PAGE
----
Women in medicine − is there a problem? A literature review of the changing gender composition, structures and occupational cultures in medicine
Version of Record online: 12 DEC 2006
Volume 41, Issue 1, pages 39–49, January 2007
How to Cite
Kilminster, S., Downes, J., Gough, B., Murdoch-Eaton, D. and Roberts, T. (2007), Women in medicine − is there a problem? A literature review of the changing gender composition, structures and occupational cultures in medicine. Medical Education, 41: 39–49. doi: 10.1111/j.1365-2929.2006.02645.x
- Issue online: 12 DEC 2006
- Version of Record online: 12 DEC 2006
- Received 14 April 2005; editorial comments to authors 15 June 2005, 7 November 2005; accepted for publication 21 June 2006
- physicians, women/*trends;
- clinical competence/*standards;
- health manpower/*organisation and administration;
- attitude of health personnel;
- educational status;
- physician–patient relations;
- review (publication type)
Background Internationally, there are increasing numbers of women entering medicine. Although all countries have different health care systems and social contexts, all still show horizontal (women concentrated in certain areas of work) and vertical (women under represented at higher levels of the professions) segregation. There is much discussion and competing explanations about the implications of the increasing numbers of women in the medical profession.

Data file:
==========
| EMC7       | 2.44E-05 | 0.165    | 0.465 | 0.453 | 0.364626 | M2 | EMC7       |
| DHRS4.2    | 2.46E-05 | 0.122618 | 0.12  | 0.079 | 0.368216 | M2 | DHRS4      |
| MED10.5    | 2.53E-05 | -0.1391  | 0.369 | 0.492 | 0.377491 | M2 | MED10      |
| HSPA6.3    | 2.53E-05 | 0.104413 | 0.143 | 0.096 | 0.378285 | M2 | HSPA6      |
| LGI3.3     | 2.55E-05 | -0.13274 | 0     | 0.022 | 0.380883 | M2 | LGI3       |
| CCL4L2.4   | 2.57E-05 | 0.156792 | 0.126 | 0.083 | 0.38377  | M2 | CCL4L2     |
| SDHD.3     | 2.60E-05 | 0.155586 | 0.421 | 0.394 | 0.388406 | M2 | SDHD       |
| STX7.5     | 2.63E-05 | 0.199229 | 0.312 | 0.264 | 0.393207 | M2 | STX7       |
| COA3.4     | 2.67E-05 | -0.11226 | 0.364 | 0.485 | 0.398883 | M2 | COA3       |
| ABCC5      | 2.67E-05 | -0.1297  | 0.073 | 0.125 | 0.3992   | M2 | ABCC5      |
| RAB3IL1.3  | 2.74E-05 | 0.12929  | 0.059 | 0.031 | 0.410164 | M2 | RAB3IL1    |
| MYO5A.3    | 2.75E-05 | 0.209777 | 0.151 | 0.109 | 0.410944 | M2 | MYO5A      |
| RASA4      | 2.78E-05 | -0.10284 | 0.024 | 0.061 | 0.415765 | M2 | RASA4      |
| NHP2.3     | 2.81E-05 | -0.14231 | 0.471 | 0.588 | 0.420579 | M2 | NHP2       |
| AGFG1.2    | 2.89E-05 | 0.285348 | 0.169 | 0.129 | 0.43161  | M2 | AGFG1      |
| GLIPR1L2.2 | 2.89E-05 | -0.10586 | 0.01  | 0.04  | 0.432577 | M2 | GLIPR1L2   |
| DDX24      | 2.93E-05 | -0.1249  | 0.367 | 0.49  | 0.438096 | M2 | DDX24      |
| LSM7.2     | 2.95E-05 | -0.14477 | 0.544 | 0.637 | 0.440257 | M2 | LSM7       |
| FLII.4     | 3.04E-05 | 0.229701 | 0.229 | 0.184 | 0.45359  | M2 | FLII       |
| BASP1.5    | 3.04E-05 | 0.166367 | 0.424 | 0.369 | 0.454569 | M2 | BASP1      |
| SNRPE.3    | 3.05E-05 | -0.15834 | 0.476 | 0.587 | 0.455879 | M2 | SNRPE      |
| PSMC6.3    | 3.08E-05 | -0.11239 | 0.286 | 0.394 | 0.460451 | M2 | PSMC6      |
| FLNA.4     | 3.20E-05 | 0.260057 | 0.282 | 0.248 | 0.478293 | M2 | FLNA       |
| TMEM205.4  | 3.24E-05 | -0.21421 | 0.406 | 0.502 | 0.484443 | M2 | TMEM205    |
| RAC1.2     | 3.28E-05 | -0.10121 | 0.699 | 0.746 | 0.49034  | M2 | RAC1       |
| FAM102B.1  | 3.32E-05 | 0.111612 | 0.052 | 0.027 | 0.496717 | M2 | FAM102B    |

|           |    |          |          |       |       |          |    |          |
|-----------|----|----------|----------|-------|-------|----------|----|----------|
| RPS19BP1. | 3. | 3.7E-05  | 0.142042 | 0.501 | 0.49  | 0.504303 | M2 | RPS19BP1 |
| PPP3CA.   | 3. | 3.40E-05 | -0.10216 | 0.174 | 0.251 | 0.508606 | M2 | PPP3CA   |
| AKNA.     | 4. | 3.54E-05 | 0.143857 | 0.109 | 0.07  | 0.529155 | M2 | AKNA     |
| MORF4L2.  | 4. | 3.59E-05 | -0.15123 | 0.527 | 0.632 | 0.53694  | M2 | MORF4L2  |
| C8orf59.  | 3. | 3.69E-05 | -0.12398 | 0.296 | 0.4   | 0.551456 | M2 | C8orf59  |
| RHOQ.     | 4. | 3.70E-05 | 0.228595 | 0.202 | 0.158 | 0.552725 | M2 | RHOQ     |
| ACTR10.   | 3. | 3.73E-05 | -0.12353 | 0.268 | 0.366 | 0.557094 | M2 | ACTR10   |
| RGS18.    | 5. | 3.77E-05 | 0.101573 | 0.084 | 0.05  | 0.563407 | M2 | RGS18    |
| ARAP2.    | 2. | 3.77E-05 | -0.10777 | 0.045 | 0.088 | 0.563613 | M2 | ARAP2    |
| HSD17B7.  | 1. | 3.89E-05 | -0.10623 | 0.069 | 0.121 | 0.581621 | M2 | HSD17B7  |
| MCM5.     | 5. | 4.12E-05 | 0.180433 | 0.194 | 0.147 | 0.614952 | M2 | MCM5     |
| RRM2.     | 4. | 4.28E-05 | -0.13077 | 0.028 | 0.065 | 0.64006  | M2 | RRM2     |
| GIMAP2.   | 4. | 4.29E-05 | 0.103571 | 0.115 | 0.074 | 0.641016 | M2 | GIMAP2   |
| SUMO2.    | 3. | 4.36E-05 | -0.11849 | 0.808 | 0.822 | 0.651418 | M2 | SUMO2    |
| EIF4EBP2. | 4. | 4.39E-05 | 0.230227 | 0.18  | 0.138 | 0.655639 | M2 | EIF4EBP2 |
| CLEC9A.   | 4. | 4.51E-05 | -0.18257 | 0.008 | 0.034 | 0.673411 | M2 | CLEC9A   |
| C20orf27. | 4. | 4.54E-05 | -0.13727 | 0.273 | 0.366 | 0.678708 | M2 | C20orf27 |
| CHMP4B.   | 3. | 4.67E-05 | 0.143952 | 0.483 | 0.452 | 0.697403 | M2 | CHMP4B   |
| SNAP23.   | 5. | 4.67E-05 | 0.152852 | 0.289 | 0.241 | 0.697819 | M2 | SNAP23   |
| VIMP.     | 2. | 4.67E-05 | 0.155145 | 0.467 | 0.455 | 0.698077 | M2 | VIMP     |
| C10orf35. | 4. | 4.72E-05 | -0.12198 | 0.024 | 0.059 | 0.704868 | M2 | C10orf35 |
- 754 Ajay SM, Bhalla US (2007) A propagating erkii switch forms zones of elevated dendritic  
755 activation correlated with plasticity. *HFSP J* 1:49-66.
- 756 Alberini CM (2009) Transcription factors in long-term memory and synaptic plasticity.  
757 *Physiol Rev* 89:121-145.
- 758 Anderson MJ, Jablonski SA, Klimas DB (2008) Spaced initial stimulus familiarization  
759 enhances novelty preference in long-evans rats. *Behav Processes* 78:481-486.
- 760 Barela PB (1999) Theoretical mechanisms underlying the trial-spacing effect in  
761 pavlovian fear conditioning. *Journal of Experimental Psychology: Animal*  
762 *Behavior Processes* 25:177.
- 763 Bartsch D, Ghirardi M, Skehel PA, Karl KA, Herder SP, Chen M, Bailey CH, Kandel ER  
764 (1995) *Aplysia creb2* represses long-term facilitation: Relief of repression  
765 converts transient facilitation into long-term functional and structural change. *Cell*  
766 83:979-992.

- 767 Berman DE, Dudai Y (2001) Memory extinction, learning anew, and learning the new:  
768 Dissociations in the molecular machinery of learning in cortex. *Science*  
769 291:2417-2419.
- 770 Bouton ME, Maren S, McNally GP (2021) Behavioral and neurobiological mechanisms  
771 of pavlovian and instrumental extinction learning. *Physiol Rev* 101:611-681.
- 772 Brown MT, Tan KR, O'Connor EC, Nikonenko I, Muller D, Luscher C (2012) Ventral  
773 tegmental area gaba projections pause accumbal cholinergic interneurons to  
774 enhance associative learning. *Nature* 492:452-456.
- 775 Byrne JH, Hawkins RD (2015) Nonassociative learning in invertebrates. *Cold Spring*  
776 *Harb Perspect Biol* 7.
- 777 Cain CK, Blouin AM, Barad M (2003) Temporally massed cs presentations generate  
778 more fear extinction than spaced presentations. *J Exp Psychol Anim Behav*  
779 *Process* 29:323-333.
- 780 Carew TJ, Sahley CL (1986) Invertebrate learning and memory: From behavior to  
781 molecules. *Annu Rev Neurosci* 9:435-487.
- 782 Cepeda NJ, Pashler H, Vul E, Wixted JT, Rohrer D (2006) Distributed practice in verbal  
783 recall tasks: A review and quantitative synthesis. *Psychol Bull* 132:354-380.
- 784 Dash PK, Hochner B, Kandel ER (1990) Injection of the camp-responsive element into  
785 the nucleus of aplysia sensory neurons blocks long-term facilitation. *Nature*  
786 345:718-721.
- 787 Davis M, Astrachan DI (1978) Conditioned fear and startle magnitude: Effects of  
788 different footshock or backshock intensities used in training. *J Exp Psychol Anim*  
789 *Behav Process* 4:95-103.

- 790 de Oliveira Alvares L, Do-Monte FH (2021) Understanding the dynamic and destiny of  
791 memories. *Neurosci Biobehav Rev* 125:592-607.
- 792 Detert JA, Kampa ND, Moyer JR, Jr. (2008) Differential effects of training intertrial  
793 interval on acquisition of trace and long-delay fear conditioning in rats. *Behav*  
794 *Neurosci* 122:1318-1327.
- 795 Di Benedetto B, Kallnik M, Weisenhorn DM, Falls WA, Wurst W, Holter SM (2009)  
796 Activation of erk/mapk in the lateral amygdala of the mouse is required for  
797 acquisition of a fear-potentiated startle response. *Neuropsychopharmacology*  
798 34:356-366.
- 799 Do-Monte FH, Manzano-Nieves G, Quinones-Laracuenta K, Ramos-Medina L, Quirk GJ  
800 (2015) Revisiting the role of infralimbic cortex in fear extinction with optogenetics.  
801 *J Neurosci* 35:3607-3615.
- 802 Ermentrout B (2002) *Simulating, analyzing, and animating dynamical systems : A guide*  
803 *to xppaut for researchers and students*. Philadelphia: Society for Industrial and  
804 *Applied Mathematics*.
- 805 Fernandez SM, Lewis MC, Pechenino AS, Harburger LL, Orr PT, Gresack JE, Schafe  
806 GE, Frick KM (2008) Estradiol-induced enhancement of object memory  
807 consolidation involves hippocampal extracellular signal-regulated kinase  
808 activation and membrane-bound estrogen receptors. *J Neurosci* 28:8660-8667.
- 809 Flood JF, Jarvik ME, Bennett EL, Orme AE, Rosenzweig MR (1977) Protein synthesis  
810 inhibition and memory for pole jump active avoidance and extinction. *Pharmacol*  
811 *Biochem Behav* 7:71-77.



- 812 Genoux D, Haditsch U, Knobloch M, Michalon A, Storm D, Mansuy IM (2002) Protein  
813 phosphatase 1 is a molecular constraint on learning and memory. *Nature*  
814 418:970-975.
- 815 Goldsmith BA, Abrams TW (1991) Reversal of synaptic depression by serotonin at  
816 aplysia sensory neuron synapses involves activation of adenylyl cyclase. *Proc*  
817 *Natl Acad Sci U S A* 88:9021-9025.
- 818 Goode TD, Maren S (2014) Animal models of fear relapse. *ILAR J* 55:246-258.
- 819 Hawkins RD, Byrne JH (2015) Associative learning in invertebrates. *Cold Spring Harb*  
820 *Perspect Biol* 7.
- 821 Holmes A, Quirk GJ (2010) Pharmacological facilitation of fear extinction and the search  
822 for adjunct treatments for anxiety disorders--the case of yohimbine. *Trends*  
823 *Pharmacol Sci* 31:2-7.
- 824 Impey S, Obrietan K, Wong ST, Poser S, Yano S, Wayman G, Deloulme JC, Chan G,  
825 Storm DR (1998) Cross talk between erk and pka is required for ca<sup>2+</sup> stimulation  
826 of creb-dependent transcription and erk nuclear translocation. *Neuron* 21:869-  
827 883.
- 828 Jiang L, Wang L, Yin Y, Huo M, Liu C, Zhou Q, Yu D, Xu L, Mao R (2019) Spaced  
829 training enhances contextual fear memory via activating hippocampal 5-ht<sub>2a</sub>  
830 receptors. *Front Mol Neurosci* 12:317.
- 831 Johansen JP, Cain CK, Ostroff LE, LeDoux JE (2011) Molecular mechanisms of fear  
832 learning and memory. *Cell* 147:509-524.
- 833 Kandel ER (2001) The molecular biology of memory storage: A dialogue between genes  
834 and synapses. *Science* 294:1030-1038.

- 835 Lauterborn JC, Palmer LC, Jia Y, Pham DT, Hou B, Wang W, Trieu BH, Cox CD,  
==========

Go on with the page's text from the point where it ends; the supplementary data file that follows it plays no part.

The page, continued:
Aims The purpose of this review was to explore the evidence, issues and explanations to understand the effects of the changing composition of the medical profession.
Conclusions This review identified evidence that delineates some of the effects of gender on the culture, practice and organisation of medicine. There are problems with some of the research methodologies and we identify areas for further research. To understand the effects of the changing gender composition of medicine it will be necessary to use more sophisticated research designs to explore the structural, economic, historical and social contexts that interact to produce medical culture. This will provide a basis for exploring the impact and implications of these changes and has immediate relevance for workforce planning and understanding both the changing nature of health professions' education and health care delivery.